Forbes urges four changes in direction
Published 10:41 am Friday, June 6, 2014
FRANKLIN—Congressman J. Randy Forbes (R-Va.) on Thursday suggested four ways that Americans can turn the country around from what he said many perceive as an increasing decline in its strength and values. His presentation took place at the Cypress Cove Country Club during the annual luncheon, which was given by the Franklin-Southampton Chamber of Commerce and Franklin Rotary Club.
Forbes said that when he’s asked if there’s any hope for the United States, he tells people of his father-in-law who 4-1/2 years ago had been diagnosed with a Stage 4 cancer. The question was whether or not to take treatments that could work, but would be difficult to endure. Initially, the man was going to forego the therapies and enjoy the remaining months left. But on asking Forbes what he’d do, the son-in-law said, “I would take the treatments.” That apparently changed his mind and the father-in-law is today enjoying life again and with more energy.
The congressman acknowledged that for the country to improve there would need to be similar strong medicine.
“It’s worth the price tag,” he said, and offered four major directions “we have to go.”
Comparing the struggle to a switching station, people are fighting over which direction to pull levers. The first that’s not popular, said Forbes is to have the attitude that, “It’s OK for America to be the best in the world. I want someone distinguished and superior to build a bridge that won’t collapse.”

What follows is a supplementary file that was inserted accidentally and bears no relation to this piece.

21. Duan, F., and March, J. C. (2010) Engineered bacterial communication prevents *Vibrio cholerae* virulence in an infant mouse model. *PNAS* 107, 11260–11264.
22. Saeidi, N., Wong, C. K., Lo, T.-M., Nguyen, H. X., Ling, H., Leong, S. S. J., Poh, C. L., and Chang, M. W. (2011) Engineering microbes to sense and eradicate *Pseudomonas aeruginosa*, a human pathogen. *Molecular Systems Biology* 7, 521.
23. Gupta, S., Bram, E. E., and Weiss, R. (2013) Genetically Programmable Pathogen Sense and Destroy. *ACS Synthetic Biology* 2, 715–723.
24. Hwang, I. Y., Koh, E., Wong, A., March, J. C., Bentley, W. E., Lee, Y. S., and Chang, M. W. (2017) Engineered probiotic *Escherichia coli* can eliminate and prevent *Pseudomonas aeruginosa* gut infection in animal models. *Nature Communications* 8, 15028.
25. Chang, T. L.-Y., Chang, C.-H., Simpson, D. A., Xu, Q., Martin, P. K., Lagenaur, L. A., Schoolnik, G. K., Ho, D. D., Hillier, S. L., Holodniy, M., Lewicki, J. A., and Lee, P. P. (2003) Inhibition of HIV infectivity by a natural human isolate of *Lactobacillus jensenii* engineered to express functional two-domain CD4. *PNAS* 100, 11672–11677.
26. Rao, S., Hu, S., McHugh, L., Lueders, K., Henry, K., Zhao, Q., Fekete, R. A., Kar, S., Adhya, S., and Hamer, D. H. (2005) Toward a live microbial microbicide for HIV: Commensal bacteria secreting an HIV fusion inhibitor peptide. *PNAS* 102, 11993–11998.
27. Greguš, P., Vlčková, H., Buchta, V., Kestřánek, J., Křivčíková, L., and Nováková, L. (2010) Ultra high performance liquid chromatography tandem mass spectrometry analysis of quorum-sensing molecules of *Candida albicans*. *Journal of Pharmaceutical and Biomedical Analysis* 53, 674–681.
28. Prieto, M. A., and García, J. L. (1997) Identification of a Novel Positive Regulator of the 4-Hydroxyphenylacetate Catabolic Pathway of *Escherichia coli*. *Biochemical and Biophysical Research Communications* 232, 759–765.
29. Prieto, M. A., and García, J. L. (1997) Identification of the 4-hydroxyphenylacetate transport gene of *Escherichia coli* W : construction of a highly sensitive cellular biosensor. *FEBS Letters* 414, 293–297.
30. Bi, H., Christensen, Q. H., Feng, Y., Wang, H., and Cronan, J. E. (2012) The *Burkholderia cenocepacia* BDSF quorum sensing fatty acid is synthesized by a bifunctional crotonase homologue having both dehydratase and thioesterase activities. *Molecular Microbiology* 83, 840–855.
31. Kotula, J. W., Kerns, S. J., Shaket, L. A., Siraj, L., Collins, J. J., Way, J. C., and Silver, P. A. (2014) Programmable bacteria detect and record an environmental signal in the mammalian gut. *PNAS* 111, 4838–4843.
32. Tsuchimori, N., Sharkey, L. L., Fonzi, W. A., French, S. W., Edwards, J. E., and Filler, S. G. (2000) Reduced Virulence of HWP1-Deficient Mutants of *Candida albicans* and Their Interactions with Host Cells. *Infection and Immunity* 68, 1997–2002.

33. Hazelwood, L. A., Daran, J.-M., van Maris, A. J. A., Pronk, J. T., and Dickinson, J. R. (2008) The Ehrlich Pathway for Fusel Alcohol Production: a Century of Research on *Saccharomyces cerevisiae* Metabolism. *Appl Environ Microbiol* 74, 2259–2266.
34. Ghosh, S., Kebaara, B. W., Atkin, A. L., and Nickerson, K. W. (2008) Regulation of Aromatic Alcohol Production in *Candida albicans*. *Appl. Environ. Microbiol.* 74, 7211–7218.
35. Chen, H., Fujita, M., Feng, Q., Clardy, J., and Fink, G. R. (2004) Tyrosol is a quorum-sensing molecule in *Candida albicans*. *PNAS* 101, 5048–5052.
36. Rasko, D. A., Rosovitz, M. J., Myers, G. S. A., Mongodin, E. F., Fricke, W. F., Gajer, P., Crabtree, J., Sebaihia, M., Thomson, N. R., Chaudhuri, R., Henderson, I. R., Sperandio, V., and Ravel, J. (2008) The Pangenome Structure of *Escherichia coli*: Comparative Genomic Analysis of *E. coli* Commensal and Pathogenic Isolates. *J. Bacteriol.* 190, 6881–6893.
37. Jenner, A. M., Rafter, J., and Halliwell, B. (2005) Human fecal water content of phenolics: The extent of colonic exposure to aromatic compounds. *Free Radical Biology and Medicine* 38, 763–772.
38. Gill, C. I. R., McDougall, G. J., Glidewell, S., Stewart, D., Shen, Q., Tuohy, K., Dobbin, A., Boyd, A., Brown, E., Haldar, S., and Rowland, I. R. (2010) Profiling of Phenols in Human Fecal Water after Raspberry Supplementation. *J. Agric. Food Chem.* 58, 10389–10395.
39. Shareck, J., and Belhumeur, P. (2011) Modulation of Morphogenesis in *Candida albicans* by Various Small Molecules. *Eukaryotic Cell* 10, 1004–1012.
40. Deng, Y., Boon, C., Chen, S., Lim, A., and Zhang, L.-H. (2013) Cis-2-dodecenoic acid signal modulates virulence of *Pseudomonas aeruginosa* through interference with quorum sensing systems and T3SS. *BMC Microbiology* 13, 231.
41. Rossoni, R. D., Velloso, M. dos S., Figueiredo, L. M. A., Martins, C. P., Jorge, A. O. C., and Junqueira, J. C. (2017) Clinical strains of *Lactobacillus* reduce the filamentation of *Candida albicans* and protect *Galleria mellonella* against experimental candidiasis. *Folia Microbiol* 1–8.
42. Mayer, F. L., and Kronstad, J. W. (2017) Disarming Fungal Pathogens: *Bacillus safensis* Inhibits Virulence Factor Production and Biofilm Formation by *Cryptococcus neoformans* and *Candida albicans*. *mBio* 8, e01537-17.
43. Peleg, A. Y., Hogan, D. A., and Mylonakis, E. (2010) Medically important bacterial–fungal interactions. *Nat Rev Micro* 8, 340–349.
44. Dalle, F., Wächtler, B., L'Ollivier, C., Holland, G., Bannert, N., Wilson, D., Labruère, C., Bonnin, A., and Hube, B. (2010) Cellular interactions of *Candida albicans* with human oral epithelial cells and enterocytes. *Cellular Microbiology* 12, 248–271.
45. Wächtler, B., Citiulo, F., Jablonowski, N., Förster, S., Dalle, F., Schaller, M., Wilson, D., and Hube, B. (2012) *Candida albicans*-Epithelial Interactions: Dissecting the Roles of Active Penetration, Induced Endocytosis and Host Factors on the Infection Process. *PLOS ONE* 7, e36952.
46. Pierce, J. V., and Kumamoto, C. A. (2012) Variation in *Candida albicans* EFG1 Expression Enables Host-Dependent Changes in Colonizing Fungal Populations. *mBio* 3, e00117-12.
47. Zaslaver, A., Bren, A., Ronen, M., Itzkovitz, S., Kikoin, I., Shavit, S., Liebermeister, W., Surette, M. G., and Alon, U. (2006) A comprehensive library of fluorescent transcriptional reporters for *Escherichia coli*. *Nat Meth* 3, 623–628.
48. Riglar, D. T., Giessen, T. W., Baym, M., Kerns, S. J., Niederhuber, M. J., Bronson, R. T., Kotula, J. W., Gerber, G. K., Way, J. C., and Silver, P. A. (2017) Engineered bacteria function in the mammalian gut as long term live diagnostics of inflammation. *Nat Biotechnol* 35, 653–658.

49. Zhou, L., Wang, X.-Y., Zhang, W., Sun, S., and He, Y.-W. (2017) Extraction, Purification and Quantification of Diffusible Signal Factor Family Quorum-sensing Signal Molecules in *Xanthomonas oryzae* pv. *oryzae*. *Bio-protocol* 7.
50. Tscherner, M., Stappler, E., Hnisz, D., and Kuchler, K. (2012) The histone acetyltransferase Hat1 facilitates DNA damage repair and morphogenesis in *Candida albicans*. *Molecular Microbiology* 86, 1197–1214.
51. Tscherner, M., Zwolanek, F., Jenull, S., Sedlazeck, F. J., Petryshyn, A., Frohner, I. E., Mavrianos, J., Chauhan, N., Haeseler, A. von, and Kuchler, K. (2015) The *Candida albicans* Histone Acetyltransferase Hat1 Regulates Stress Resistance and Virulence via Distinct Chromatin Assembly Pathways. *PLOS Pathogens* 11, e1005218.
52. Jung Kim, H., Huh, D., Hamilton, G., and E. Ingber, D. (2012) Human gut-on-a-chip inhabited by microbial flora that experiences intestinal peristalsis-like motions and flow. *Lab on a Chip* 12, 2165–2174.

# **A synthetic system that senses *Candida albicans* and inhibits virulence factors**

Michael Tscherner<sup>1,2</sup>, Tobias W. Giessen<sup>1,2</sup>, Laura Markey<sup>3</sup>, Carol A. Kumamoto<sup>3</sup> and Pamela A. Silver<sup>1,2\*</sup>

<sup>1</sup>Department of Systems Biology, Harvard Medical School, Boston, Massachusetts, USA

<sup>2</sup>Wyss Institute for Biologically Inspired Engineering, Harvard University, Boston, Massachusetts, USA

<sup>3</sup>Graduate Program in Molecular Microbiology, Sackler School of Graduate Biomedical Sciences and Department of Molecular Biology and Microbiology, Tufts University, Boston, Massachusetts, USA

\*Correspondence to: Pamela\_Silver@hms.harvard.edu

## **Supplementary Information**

Leading to the second point, he referenced former Virginia Sen. John Warner’s call in the early 1980s for the country to maintain “maritime superiority.”
Today, said Forbes, “our Navy is declining, but all around the world theirs are going up. So goes the Navy, so goes the United States of America.”
Though urged to go along with cutbacks that would affect the fleet, he’s called for building more ships. But the congressman said he’s encouraged of late that with support the nation is “turning the corner” in that regard.
“Faith and religion are under attack, and it’s a dangerous course we are going to go,” said Forbes on the third direction. “I’m going to push the lever for freedom of religion and liberty.”
He told of an Air Force cadet who was taken to task for putting a Bible verse on a whiteboard on the door of his dorm. When the matter was brought to Forbes’ attention, he called out the cadet’s superiors on their punitive reactions, noting many had religious references in documents and awards in their own offices.
“We’ve got to be careful not to pull the lever the wrong way,” said the congressman.
The fourth direction he called “vitally important. Whether to choose the rule of government versus the rule of law. Governments change, the rule of law keeps us stable. We have to fight like we can to fight for that lever of rule of law.
“Finally, why is this important? The gift of freedom. That allows us to create and produce. It allows people to produce extraordinary things.”
Before making his speech, Forbes had pointed out several students from Franklin and Southampton high schools in attendance.
“You owe something back to the country,” he told them, and gave a personal example of how a principal years ago had believed in him as a student and raised money from businesses. Those funds paid for Forbes to attend the first Presidential Classroom, which later encouraged his interest in leadership.
“We want to whet your appetite so that you’ll come back [after graduating] and make changes for the better,” he told the students.
Those students were: Brianna Karmilovich, Shamar Ballard and Armirah Stephens of Franklin High’s Student Government Association; and Nicole Brown, Rachael Brown and Ellis Cofield of Southampton High’s SGA.
Following the talk, the congressman was asked what could be done about the country’s $17 trillion dollar debt.
He proposed that priorities should be set, analysis is needed and the budget should be balanced.
Another idea that Forbes presented was, “We have regulated ourselves out of competition. I think we need to turn that around.
“Americans really are special people.”